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We know smoking is harmful to our health. So why do some of us still light up?
Why is it that some people smoke, despite the clear link between smoking and lung cancer? Why do others decide to drive after they’ve had too many cocktails?
Academic research has long shown that people with low self-control engage in riskier behaviors than do those with higher self-control. But what is the connection between self-control and risk? Are people with low self-control simply unable to stop themselves from risky behavior?
Not exactly. In a new study, researchers from Stanford and the University of Hong Kong found that people with low self-control look at consequences differently than those with higher self-control.
The research, by Stanford GSB associate professor of marketing Uzma Khan, University of Hong Kong’s Jayson S. Jia, and former Stanford GSB graduate student Ab Litt, describes how people perceive risk in two main ways: the probability that something bad will happen, and the consequences of those negative outcomes. And through a series of experiments, they found that those with low self-control focus more on the probability and pay less heed to the consequences.
For a real-life example, the researchers quizzed people on their health. They found that people with low self-control are more concerned if they are told their probability of contracting heart disease is twice as high rather than if they are told the consequences of heart disease are twice as bad as previously thought.
Khan, who studies behavioral judgment and decision-making, found the reverse to be true for people with high self-control, who tend to pay more attention to consequences and less to the probability of a risky outcome. This coincides with previous research showing that high-level executives pay less attention to the probability of negative outcomes. “Because they feel more in control, they think that outside odds don’t apply to them. Their behavior is, therefore, determined disproportionately by the consequence of the outcomes, such as the potential profits,” she explains.
But Khan cautions that the difference in perceptions of risk only applies to situations in which people have some agency or feel in control, such as catching a cold, which can be prevented by washing your hands. They don’t apply to risk in a situation like taking an airplane trip, in which the passengers have no control over the odds of a crash.
In a series of seven experiments, Khan and her colleagues commissioned online surveys to ask people to rate their perceptions of risk. Each survey taker answered questions to determine their level of self-control, and then they were presented with several dilemmas. In one regarding automobile safety, participants could choose between paying more for better airbags (focusing on consequences of an accident) or investing in better car brakes (focusing on probability of an accident).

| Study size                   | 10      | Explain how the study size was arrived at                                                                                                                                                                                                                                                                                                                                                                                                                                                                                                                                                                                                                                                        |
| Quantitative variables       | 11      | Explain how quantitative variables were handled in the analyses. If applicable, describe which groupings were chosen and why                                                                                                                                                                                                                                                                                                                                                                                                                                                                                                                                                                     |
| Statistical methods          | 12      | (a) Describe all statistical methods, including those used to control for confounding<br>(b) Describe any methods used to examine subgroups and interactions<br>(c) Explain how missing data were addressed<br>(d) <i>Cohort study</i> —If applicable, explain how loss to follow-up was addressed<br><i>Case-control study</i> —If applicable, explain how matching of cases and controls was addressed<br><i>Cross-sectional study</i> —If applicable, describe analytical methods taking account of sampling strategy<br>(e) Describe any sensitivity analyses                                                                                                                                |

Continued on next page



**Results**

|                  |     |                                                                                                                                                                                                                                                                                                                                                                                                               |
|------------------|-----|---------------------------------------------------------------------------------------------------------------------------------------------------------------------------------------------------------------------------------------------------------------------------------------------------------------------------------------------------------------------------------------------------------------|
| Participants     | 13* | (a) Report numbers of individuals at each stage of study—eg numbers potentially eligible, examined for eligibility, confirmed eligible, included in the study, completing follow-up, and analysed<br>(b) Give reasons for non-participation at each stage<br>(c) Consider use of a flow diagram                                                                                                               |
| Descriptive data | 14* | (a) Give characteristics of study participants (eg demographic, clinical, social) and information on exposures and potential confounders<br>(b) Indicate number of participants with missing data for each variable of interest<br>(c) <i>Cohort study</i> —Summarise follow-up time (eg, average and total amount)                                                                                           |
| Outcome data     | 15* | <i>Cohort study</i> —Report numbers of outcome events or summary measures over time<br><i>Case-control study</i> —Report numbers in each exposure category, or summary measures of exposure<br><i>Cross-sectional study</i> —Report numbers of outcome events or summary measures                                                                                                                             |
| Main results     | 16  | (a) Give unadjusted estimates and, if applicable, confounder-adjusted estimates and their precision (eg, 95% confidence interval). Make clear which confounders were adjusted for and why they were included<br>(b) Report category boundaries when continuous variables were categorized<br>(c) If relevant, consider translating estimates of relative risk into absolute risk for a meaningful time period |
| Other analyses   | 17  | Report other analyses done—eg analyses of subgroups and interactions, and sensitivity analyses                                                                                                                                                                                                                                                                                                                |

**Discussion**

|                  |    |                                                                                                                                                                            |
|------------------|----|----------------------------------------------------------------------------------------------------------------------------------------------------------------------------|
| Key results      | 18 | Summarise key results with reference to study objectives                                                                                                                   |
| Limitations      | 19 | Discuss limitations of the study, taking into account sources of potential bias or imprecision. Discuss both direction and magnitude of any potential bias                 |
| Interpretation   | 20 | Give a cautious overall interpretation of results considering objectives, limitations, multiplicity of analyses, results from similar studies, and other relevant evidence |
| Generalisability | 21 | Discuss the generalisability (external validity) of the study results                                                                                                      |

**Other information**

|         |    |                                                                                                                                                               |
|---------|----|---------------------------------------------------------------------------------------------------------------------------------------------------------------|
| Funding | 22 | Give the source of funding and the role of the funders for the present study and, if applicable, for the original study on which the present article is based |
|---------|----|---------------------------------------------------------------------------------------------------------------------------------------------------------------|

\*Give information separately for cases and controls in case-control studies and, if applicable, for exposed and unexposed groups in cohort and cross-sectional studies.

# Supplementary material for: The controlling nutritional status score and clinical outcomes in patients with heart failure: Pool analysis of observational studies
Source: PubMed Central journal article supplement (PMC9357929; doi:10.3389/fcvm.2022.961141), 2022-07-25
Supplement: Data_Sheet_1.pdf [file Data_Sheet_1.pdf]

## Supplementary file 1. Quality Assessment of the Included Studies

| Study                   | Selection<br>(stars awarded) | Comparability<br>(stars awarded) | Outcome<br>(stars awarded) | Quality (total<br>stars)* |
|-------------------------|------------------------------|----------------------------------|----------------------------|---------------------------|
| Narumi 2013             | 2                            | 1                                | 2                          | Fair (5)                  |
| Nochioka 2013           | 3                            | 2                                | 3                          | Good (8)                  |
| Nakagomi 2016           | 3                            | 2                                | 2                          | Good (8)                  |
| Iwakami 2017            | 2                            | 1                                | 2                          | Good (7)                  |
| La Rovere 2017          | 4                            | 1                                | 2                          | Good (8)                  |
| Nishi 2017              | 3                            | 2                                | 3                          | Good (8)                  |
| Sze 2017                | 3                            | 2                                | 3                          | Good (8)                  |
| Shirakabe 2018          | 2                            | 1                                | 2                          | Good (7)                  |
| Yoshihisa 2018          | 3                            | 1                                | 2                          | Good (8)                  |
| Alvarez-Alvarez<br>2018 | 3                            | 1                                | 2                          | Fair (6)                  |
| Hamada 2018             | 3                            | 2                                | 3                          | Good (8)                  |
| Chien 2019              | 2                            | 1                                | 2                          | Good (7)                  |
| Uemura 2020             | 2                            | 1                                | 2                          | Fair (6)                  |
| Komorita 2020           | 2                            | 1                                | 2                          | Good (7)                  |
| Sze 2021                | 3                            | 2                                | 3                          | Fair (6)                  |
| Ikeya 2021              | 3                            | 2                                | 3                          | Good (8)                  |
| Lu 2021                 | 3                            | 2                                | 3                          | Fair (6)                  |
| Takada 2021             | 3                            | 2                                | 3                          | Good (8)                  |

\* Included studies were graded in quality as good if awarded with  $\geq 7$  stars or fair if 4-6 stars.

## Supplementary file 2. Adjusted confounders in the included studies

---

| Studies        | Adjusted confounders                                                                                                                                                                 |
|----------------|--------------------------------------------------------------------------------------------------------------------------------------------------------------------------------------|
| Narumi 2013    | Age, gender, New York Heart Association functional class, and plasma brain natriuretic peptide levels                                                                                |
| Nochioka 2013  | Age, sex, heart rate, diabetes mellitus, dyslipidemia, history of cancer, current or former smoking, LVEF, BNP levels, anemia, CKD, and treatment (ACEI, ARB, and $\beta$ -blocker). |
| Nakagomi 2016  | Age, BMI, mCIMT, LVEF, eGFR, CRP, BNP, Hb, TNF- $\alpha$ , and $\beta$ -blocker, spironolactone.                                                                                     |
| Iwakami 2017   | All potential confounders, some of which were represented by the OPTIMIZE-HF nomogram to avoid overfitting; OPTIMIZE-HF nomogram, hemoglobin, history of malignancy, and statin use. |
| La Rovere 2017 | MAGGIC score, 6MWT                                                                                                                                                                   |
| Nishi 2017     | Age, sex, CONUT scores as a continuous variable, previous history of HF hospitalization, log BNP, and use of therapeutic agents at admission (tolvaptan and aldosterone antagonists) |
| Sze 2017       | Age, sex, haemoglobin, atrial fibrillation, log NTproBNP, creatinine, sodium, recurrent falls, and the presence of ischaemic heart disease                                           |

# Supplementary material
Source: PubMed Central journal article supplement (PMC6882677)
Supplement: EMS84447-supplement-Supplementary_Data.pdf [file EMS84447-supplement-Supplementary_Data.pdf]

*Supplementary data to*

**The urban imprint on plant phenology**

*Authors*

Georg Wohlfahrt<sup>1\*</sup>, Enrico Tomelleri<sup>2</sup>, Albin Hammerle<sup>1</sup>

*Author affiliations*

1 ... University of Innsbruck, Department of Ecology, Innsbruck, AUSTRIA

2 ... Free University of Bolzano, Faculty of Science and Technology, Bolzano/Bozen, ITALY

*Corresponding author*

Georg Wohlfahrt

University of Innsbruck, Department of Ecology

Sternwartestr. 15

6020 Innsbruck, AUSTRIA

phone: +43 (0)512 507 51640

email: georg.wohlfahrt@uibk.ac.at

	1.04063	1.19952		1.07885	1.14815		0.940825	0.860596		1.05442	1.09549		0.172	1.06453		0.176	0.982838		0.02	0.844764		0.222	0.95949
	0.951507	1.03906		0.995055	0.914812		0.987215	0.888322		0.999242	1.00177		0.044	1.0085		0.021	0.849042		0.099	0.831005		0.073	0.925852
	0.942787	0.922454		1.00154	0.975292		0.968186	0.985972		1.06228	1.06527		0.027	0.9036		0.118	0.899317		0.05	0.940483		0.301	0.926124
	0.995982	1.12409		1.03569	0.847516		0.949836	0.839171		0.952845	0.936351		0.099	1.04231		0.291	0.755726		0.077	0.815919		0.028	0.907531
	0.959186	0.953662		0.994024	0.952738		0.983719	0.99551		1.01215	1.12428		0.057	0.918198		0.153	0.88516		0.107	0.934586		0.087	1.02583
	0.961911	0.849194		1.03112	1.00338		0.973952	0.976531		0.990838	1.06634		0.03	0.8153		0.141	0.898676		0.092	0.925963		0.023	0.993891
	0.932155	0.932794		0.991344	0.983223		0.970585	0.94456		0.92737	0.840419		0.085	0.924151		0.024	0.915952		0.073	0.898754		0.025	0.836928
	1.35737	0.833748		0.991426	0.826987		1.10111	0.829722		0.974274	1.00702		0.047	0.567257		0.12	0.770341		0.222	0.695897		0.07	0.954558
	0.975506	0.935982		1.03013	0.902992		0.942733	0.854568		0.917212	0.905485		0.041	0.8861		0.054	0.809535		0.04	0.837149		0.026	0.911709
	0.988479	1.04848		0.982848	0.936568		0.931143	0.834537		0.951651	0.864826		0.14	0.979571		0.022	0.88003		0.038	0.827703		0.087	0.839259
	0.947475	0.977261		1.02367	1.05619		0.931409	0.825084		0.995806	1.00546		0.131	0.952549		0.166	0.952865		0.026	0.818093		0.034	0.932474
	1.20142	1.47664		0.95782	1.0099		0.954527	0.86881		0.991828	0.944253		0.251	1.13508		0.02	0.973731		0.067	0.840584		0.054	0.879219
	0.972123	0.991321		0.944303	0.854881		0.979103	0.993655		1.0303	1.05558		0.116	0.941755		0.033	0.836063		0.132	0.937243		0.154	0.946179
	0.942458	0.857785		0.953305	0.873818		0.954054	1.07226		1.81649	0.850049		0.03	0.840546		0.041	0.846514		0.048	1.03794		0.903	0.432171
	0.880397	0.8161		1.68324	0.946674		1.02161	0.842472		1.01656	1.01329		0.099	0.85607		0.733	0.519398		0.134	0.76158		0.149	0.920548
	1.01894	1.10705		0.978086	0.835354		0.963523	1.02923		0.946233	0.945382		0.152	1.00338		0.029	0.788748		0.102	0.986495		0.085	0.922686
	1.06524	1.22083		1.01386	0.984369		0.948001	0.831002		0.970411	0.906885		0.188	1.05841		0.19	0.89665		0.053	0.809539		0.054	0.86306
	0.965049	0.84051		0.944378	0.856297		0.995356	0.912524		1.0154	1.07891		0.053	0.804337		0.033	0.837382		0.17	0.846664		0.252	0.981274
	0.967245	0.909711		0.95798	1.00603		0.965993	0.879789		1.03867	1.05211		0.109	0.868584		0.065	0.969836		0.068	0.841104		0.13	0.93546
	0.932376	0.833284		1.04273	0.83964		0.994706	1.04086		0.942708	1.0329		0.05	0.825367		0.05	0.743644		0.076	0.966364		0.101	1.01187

“People low in self-control want the better brakes because they’re more concerned with the likelihood of an accident,” Khan says of the results.
Other survey questions examined:
Heart disease: Do you take preventive medication (focusing on reducing probability) or sign up for good cardiac care insurance (focusing on reducing consequences)?
Lung cancer: Do you switch to cigarettes with fewer toxins (focusing on reducing probability) or switch to a diet recognized to help the body fight cancer if it develops (focusing on reducing consequences)?
Gambling: When rolling a 10-sided die, do you opt for a smaller payout with better odds (focusing on probability) or a bigger payout with less likely odds (focusing on consequences)?
Khan and her colleagues found that, in each example, those with low self-control preferred the probability-mitigating strategies over the consequence-mitigating strategies.
There are useful takeaways from the research in the areas of persuasive messaging and in designing laws, Khan explains. For example, the findings might explain why impulsive criminals are not swayed by severe consequences. “Impulsive crimes are going to be deterred more by the probability of being caught,” says Khan.
Think about ways to encourage safe sex. Teens tend to have lower self-control than adults, so if the focus is on teens, the message should highlight the probability of negative outcomes. “To teens you say the likelihood of contracting a sexually transmitted disease is 90%, rather than explaining the consequences – that you are going to get gonorrhea,” says Khan.
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This piece originally appeared in Stanford Business Insights from Stanford Graduate School of Business. To receive business ideas and insights from Stanford GSB click here: (To sign up : https://www.gsb.stanford.edu/insights/about/emails ) ]